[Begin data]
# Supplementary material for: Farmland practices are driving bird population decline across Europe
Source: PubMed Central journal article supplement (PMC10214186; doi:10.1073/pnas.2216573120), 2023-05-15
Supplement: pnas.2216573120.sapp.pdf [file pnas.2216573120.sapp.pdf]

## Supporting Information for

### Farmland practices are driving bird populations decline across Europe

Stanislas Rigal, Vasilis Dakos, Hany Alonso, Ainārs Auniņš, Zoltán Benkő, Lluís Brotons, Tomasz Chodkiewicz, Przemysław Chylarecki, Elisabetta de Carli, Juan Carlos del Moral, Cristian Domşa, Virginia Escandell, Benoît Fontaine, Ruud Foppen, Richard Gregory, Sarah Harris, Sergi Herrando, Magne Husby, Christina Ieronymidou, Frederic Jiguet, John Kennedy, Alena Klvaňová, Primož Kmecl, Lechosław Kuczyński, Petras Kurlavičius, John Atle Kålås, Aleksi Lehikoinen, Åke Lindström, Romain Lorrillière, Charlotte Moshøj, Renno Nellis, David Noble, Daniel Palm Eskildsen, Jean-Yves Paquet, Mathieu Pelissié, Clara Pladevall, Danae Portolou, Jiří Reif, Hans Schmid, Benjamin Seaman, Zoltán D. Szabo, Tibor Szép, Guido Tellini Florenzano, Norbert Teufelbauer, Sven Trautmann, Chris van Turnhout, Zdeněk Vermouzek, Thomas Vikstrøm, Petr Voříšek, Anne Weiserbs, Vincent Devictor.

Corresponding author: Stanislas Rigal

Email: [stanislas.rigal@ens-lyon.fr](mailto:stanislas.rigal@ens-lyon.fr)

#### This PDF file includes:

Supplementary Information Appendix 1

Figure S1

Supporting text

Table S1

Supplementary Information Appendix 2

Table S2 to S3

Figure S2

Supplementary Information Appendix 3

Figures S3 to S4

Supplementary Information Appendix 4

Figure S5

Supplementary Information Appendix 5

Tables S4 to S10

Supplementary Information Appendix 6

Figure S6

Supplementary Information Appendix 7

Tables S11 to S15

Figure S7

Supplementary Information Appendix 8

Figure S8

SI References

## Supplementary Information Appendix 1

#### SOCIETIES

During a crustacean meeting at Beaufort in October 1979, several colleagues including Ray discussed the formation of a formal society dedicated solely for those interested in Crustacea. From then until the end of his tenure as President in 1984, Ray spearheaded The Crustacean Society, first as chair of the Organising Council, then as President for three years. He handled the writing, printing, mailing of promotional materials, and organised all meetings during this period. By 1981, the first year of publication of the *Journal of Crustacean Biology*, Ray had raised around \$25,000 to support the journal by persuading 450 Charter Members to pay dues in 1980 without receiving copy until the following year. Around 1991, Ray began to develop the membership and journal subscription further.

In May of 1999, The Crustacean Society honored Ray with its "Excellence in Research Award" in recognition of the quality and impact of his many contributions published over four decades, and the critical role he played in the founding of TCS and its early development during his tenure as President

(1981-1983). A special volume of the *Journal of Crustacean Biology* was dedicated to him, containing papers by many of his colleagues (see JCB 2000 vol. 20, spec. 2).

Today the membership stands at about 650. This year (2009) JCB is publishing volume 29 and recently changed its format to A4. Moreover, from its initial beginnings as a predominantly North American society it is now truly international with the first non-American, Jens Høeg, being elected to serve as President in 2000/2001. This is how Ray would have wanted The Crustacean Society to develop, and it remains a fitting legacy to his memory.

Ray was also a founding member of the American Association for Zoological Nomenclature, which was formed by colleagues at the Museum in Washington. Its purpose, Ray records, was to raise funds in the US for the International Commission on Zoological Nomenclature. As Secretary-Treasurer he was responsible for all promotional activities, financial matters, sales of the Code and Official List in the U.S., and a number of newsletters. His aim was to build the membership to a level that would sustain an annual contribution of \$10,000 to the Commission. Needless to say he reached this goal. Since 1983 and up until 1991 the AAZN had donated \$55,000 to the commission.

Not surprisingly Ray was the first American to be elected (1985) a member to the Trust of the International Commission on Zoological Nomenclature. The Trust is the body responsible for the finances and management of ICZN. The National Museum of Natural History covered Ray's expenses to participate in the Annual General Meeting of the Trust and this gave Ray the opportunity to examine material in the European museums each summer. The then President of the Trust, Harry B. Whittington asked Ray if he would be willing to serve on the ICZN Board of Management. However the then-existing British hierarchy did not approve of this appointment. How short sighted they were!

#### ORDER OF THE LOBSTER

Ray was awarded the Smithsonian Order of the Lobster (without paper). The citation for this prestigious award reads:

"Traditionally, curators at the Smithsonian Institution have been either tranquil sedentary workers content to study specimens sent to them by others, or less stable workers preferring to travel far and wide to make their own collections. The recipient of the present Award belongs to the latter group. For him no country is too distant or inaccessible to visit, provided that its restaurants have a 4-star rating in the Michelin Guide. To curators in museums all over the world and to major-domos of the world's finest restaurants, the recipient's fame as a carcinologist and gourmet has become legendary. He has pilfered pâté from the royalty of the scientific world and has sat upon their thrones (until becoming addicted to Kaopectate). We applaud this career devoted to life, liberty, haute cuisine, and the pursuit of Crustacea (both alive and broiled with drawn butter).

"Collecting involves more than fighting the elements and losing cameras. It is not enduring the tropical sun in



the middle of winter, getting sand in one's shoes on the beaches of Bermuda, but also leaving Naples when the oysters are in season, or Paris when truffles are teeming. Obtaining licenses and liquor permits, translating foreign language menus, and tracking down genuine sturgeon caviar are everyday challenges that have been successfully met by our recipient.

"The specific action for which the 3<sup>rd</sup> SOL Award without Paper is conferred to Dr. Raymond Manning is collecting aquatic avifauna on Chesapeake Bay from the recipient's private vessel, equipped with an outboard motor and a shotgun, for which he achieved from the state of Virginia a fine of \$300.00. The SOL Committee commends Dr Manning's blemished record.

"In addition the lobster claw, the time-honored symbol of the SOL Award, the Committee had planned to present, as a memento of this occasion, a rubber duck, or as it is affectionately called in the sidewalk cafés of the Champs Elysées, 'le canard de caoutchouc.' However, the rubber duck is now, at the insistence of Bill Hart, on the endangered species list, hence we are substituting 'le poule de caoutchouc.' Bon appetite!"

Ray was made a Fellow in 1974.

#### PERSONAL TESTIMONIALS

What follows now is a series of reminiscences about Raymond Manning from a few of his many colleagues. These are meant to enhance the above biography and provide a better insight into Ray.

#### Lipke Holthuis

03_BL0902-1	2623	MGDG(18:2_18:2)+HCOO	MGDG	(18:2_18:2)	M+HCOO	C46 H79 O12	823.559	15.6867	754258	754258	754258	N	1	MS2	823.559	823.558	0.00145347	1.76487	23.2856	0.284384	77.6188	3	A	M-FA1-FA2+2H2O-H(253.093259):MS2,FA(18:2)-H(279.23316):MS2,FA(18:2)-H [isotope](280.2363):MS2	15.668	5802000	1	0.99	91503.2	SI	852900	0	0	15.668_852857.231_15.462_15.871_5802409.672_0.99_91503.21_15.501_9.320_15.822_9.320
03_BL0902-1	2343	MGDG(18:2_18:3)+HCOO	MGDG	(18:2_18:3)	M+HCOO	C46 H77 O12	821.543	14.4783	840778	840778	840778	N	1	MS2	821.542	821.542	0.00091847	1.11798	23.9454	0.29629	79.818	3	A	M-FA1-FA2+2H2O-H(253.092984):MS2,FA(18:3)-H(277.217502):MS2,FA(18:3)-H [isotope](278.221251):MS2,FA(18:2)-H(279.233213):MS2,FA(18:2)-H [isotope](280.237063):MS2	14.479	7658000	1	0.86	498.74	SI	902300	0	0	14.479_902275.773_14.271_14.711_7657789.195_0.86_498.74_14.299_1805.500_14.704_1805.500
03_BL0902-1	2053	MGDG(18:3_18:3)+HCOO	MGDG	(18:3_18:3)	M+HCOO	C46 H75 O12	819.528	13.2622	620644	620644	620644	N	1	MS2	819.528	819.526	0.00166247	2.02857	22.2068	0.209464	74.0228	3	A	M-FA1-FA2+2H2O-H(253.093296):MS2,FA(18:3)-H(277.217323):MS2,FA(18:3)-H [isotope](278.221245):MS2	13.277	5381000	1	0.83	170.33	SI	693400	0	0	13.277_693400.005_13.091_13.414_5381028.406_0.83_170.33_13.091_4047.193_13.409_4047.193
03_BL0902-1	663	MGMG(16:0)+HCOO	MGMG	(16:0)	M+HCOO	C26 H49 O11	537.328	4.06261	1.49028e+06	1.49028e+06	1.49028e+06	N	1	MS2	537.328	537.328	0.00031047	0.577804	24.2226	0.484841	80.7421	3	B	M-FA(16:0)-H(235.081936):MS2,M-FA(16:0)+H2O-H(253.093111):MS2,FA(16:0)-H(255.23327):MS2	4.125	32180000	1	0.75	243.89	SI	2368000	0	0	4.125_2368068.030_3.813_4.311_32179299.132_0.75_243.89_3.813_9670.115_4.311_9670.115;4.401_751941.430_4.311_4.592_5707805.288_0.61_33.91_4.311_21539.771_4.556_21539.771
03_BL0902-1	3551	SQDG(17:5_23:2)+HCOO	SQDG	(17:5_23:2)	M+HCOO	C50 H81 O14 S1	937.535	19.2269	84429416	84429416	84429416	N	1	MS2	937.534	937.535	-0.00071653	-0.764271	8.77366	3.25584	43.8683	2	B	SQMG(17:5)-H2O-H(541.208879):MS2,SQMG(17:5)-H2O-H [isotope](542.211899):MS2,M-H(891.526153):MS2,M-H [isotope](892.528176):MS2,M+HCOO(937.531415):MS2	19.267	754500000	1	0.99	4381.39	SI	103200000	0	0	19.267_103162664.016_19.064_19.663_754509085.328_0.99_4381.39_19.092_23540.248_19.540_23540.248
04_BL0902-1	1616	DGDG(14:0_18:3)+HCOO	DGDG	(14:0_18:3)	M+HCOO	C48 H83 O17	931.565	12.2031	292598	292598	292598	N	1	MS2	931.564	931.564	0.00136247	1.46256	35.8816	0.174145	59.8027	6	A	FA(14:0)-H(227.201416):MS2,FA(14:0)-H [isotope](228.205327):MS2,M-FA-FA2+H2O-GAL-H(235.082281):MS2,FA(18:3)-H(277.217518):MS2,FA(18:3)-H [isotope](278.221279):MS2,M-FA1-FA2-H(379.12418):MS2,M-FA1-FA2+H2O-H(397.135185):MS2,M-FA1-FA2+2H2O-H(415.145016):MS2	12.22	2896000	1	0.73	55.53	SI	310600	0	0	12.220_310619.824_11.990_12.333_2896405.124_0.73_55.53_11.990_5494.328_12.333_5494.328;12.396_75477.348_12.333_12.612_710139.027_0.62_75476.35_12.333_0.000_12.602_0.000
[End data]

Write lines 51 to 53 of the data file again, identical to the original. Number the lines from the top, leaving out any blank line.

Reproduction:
03_BL0902-1	2343	MGDG(18:2_18:3)+HCOO	MGDG	(18:2_18:3)	M+HCOO	C46 H77 O12	821.543	14.4783	840778	840778	840778	N	1	MS2	821.542	821.542	0.00091847	1.11798	23.9454	0.29629	79.818	3	A	M-FA1-FA2+2H2O-H(253.092984):MS2,FA(18:3)-H(277.217502):MS2,FA(18:3)-H [isotope](278.221251):MS2,FA(18:2)-H(279.233213):MS2,FA(18:2)-H [isotope](280.237063):MS2	14.479	7658000	1	0.86	498.74	SI	902300	0	0	14.479_902275.773_14.271_14.711_7657789.195_0.86_498.74_14.299_1805.500_14.704_1805.500
03_BL0902-1	2053	MGDG(18:3_18:3)+HCOO	MGDG	(18:3_18:3)	M+HCOO	C46 H75 O12	819.528	13.2622	620644	620644	620644	N	1	MS2	819.528	819.526	0.00166247	2.02857	22.2068	0.209464	74.0228	3	A	M-FA1-FA2+2H2O-H(253.093296):MS2,FA(18:3)-H(277.217323):MS2,FA(18:3)-H [isotope](278.221245):MS2	13.277	5381000	1	0.83	170.33	SI	693400	0	0	13.277_693400.005_13.091_13.414_5381028.406_0.83_170.33_13.091_4047.193_13.409_4047.193
03_BL0902-1	663	MGMG(16:0)+HCOO	MGMG	(16:0)	M+HCOO	C26 H49 O11	537.328	4.06261	1.49028e+06	1.49028e+06	1.49028e+06	N	1	MS2	537.328	537.328	0.00031047	0.577804	24.2226	0.484841	80.7421	3	B	M-FA(16:0)-H(235.081936):MS2,M-FA(16:0)+H2O-H(253.093111):MS2,FA(16:0)-H(255.23327):MS2	4.125	32180000	1	0.75	243.89	SI	2368000	0	0	4.125_2368068.030_3.813_4.311_32179299.132_0.75_243.89_3.813_9670.115_4.311_9670.115;4.401_751941.430_4.311_4.592_5707805.288_0.61_33.91_4.311_21539.771_4.556_21539.771